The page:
The article says, "You have this perception out there that whites are no longer in control or the majority. Whites are the new minority group." Whites are beginning to identity with the minority groups because they don't share privileges like they used to when they were the majority, and now that that status is threatened due to the recession, that is a problem. But they are still white, and still more privileged because of that fact. White statements such as:


"Like it or not, the country is going to look more like it should -- more brown folks, more yellow folks, more gay folks, more mixed folks," he says.

"This racial unease is more pronounced among older white Americans, who grew up in an era where America's icons were virtually all white, Wise says."

"The idea that we're losing our country is something that's not going to have a lot of resonance for someone under 30," Wise says. "These are white folks who don't remember the country that their parents are talking about."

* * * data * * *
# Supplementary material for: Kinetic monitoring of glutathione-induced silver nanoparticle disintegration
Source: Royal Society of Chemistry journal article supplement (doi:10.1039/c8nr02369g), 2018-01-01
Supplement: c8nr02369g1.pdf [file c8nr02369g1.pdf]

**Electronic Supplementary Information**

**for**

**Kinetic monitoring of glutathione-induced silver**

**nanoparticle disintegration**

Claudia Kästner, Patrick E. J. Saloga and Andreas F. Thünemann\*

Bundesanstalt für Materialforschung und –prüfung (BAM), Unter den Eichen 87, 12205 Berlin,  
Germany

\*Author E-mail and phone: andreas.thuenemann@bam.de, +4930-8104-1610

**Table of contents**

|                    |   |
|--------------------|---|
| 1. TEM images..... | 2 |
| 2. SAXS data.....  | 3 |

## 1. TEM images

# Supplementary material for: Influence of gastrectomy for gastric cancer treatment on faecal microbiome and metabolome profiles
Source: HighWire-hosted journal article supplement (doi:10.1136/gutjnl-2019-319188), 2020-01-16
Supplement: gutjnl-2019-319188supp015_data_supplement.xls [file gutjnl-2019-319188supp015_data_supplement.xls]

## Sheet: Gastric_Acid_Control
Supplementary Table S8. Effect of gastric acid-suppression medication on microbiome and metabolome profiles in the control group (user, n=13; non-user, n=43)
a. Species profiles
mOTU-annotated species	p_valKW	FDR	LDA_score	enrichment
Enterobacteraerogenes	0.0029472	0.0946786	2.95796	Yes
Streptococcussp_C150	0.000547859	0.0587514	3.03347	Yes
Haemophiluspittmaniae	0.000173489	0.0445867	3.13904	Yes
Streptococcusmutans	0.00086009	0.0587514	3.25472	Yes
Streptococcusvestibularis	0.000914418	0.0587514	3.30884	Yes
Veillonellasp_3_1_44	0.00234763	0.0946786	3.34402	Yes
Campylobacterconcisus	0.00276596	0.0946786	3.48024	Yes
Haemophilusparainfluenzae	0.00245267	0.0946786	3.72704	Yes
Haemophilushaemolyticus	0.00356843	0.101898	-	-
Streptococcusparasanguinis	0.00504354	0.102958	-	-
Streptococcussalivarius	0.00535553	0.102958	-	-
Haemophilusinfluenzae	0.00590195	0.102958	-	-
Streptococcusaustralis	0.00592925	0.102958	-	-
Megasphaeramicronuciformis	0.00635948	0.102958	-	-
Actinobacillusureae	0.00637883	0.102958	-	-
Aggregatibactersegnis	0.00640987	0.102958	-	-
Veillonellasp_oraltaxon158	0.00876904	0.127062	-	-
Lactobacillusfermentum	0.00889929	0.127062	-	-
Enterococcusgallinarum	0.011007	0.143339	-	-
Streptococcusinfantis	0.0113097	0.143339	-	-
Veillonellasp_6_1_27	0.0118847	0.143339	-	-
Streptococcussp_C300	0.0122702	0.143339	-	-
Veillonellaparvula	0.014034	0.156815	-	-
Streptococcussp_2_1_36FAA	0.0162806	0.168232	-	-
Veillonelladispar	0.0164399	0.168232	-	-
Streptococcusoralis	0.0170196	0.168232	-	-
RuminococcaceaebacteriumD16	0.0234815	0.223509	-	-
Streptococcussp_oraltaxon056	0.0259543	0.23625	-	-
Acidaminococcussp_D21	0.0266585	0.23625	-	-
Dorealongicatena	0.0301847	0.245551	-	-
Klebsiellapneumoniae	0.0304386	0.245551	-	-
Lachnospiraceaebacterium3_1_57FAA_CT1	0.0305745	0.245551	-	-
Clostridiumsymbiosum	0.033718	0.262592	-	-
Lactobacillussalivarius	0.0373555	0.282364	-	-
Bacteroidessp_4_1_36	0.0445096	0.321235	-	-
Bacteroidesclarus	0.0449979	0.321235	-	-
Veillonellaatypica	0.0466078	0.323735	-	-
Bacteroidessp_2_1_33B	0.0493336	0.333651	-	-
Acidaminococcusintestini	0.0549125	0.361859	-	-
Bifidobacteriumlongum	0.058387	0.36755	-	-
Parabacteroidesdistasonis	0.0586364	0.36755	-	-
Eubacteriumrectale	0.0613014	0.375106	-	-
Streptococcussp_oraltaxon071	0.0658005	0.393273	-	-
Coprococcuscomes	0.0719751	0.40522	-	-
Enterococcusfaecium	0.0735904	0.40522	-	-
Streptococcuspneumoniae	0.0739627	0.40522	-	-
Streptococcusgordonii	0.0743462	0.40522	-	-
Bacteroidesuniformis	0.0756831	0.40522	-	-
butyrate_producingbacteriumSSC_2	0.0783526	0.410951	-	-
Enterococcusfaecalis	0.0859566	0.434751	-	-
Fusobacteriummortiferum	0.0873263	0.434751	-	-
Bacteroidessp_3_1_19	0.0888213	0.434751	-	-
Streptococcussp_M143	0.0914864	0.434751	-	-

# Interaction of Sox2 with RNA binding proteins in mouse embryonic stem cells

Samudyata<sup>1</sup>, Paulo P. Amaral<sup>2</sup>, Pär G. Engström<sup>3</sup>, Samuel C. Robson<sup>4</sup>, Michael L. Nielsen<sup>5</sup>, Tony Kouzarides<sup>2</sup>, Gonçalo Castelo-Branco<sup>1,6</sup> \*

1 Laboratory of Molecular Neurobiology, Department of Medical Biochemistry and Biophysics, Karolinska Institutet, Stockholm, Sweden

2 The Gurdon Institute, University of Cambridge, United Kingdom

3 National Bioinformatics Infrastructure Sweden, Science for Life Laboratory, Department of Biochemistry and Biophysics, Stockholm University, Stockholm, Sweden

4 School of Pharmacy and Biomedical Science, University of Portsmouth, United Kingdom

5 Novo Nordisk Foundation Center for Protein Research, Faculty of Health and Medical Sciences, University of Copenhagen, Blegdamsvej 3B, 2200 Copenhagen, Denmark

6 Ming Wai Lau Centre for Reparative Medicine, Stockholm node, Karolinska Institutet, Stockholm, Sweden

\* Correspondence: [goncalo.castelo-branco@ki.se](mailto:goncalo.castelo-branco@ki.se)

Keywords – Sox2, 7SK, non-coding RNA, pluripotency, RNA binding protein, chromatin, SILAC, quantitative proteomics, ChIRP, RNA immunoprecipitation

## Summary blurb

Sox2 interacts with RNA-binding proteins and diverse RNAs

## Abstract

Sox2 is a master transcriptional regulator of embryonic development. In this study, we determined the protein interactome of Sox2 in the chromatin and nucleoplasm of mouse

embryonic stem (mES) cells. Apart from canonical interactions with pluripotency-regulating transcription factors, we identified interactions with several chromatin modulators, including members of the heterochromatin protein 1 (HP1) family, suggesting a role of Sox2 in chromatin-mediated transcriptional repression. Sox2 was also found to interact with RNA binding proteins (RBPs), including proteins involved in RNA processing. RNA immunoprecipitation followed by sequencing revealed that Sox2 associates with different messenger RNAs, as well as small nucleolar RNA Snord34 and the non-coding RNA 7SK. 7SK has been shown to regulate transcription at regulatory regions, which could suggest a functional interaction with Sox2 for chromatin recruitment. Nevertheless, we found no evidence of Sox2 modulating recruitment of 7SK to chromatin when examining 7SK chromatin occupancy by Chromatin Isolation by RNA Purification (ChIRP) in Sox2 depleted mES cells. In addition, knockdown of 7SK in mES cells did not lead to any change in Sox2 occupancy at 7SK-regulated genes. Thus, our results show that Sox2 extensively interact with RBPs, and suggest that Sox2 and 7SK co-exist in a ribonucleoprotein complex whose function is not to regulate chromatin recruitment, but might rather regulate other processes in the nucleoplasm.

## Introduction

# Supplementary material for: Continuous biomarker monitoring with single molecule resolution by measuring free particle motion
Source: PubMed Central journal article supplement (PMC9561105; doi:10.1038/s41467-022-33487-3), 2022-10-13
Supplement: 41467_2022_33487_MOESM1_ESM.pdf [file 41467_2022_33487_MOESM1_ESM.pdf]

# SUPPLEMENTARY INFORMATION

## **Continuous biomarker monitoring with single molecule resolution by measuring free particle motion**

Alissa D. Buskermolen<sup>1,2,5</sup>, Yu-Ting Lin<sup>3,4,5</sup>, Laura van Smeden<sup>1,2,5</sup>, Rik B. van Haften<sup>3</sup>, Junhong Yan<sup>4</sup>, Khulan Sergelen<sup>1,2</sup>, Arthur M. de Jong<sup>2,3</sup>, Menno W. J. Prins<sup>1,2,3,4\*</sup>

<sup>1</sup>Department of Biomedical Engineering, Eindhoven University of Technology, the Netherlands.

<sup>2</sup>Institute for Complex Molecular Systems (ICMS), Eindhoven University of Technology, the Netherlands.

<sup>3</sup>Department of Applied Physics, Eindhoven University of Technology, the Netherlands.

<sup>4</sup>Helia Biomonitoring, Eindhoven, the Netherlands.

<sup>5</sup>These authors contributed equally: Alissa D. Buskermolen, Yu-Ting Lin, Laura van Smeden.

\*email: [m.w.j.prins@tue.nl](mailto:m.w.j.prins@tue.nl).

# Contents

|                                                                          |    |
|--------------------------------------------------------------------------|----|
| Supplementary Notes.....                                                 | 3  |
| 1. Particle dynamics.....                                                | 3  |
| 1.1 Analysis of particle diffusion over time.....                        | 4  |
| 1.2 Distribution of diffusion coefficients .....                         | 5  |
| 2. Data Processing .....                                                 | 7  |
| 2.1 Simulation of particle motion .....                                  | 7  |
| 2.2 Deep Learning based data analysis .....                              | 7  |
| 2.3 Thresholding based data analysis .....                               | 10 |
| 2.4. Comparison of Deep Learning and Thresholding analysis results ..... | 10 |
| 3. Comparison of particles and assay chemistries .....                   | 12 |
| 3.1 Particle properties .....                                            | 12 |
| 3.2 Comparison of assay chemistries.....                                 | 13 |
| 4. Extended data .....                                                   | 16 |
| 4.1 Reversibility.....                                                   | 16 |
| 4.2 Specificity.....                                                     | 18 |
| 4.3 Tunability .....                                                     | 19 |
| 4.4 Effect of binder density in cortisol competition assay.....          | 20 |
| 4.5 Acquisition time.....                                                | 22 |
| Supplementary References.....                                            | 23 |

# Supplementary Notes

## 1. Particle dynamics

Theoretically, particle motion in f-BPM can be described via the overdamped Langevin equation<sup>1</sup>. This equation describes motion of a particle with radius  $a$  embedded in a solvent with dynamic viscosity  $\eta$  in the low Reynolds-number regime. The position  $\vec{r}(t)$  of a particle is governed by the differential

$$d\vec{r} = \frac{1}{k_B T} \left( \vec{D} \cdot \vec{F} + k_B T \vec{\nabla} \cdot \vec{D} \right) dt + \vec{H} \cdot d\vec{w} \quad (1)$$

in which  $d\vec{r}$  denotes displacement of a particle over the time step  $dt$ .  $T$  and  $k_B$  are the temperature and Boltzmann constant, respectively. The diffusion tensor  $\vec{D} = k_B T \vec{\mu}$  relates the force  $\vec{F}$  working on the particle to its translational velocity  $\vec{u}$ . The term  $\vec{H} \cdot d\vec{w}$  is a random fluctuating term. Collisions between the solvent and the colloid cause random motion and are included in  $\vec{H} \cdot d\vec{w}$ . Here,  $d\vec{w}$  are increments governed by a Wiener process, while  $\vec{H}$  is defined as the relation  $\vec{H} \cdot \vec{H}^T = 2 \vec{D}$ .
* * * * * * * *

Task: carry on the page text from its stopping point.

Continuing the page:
"With white no longer the norm, more white Americans are hitting the books to ask a question that few felt a need to ask before: What does it mean to be white?"


I am only led to believe that white men feel the way that they do because of the position that the recession has put them in and how different groups are beginning recognize their potential. I wouldn't even call the group that feels oppressed our current generation but the past generations who are used to being the sole supremacist, like the quote above mentions. And now they feel threatened because America is slowly beginning to embrace other cultures, rather than identifying the norm. White is still what it is, white, but there are others in the world besides them.